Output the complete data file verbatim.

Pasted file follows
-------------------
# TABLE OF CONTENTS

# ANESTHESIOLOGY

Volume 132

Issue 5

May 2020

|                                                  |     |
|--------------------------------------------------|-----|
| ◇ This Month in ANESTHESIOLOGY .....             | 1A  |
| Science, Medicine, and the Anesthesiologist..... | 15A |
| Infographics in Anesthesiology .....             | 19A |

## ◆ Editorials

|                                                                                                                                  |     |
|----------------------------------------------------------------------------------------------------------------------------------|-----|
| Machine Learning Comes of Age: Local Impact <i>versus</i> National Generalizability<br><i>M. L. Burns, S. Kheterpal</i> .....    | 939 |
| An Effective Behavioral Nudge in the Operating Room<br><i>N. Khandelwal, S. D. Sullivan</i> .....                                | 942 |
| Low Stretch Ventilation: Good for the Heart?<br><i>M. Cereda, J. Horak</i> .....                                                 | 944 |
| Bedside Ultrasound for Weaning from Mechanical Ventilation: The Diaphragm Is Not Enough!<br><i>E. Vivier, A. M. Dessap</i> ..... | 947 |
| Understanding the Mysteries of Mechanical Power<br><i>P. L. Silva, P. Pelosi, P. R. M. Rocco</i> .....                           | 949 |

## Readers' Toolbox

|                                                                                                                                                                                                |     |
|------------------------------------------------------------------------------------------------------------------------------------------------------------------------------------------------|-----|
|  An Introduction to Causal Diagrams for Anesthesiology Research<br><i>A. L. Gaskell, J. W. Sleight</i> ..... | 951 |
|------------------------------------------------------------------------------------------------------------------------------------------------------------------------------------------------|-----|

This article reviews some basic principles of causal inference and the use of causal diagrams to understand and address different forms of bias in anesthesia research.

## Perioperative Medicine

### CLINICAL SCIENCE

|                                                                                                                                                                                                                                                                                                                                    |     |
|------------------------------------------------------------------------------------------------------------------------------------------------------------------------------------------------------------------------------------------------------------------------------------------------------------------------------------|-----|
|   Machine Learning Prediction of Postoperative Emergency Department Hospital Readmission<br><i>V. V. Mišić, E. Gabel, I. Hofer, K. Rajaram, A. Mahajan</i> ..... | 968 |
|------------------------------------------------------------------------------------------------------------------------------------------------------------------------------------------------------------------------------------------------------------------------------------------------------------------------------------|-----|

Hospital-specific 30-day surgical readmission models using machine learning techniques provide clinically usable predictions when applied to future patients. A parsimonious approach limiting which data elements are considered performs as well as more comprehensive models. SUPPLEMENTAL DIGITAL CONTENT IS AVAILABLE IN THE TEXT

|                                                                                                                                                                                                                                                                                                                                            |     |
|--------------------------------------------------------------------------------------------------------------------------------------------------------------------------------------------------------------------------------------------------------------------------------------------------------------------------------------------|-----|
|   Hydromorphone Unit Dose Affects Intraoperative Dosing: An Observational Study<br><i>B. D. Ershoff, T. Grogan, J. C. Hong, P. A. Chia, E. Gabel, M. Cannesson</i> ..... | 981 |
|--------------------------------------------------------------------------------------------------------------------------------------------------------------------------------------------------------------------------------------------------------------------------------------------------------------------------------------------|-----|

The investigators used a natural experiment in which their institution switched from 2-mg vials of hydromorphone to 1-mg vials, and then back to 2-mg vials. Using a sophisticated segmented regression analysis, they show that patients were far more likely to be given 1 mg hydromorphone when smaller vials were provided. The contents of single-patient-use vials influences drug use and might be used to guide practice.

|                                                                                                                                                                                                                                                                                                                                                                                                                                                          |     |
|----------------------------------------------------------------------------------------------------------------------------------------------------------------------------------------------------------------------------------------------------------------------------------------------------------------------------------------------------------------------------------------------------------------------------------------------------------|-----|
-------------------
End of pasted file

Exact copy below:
# TABLE OF CONTENTS

# ANESTHESIOLOGY

Volume 132

Issue 5

May 2020

|                                                  |     |
|--------------------------------------------------|-----|
| ◇ This Month in ANESTHESIOLOGY .....             | 1A  |
| Science, Medicine, and the Anesthesiologist..... | 15A |
| Infographics in Anesthesiology .....             | 19A |

## ◆ Editorials

|                                                                                                                                  |     |
|----------------------------------------------------------------------------------------------------------------------------------|-----|
| Machine Learning Comes of Age: Local Impact <i>versus</i> National Generalizability<br><i>M. L. Burns, S. Kheterpal</i> .....    | 939 |
| An Effective Behavioral Nudge in the Operating Room<br><i>N. Khandelwal, S. D. Sullivan</i> .....                                | 942 |
| Low Stretch Ventilation: Good for the Heart?<br><i>M. Cereda, J. Horak</i> .....                                                 | 944 |
| Bedside Ultrasound for Weaning from Mechanical Ventilation: The Diaphragm Is Not Enough!<br><i>E. Vivier, A. M. Dessap</i> ..... | 947 |
| Understanding the Mysteries of Mechanical Power<br><i>P. L. Silva, P. Pelosi, P. R. M. Rocco</i> .....                           | 949 |

## Readers' Toolbox

|                                                                                                                                                                                                |     |
|------------------------------------------------------------------------------------------------------------------------------------------------------------------------------------------------|-----|
|  An Introduction to Causal Diagrams for Anesthesiology Research<br><i>A. L. Gaskell, J. W. Sleight</i> ..... | 951 |
|------------------------------------------------------------------------------------------------------------------------------------------------------------------------------------------------|-----|

This article reviews some basic principles of causal inference and the use of causal diagrams to understand and address different forms of bias in anesthesia research.

## Perioperative Medicine

### CLINICAL SCIENCE

|                                                                                                                                                                                                                                                                                                                                    |     |
|------------------------------------------------------------------------------------------------------------------------------------------------------------------------------------------------------------------------------------------------------------------------------------------------------------------------------------|-----|
|   Machine Learning Prediction of Postoperative Emergency Department Hospital Readmission<br><i>V. V. Mišić, E. Gabel, I. Hofer, K. Rajaram, A. Mahajan</i> ..... | 968 |
|------------------------------------------------------------------------------------------------------------------------------------------------------------------------------------------------------------------------------------------------------------------------------------------------------------------------------------|-----|

Hospital-specific 30-day surgical readmission models using machine learning techniques provide clinically usable predictions when applied to future patients. A parsimonious approach limiting which data elements are considered performs as well as more comprehensive models. SUPPLEMENTAL DIGITAL CONTENT IS AVAILABLE IN THE TEXT

|                                                                                                                                                                                                                                                                                                                                            |     |
|--------------------------------------------------------------------------------------------------------------------------------------------------------------------------------------------------------------------------------------------------------------------------------------------------------------------------------------------|-----|
|   Hydromorphone Unit Dose Affects Intraoperative Dosing: An Observational Study<br><i>B. D. Ershoff, T. Grogan, J. C. Hong, P. A. Chia, E. Gabel, M. Cannesson</i> ..... | 981 |
|--------------------------------------------------------------------------------------------------------------------------------------------------------------------------------------------------------------------------------------------------------------------------------------------------------------------------------------------|-----|

The investigators used a natural experiment in which their institution switched from 2-mg vials of hydromorphone to 1-mg vials, and then back to 2-mg vials. Using a sophisticated segmented regression analysis, they show that patients were far more likely to be given 1 mg hydromorphone when smaller vials were provided. The contents of single-patient-use vials influences drug use and might be used to guide practice.

|                                                                                                                                                                                                                                                                                                                                                                                                                                                          |     |
|----------------------------------------------------------------------------------------------------------------------------------------------------------------------------------------------------------------------------------------------------------------------------------------------------------------------------------------------------------------------------------------------------------------------------------------------------------|-----|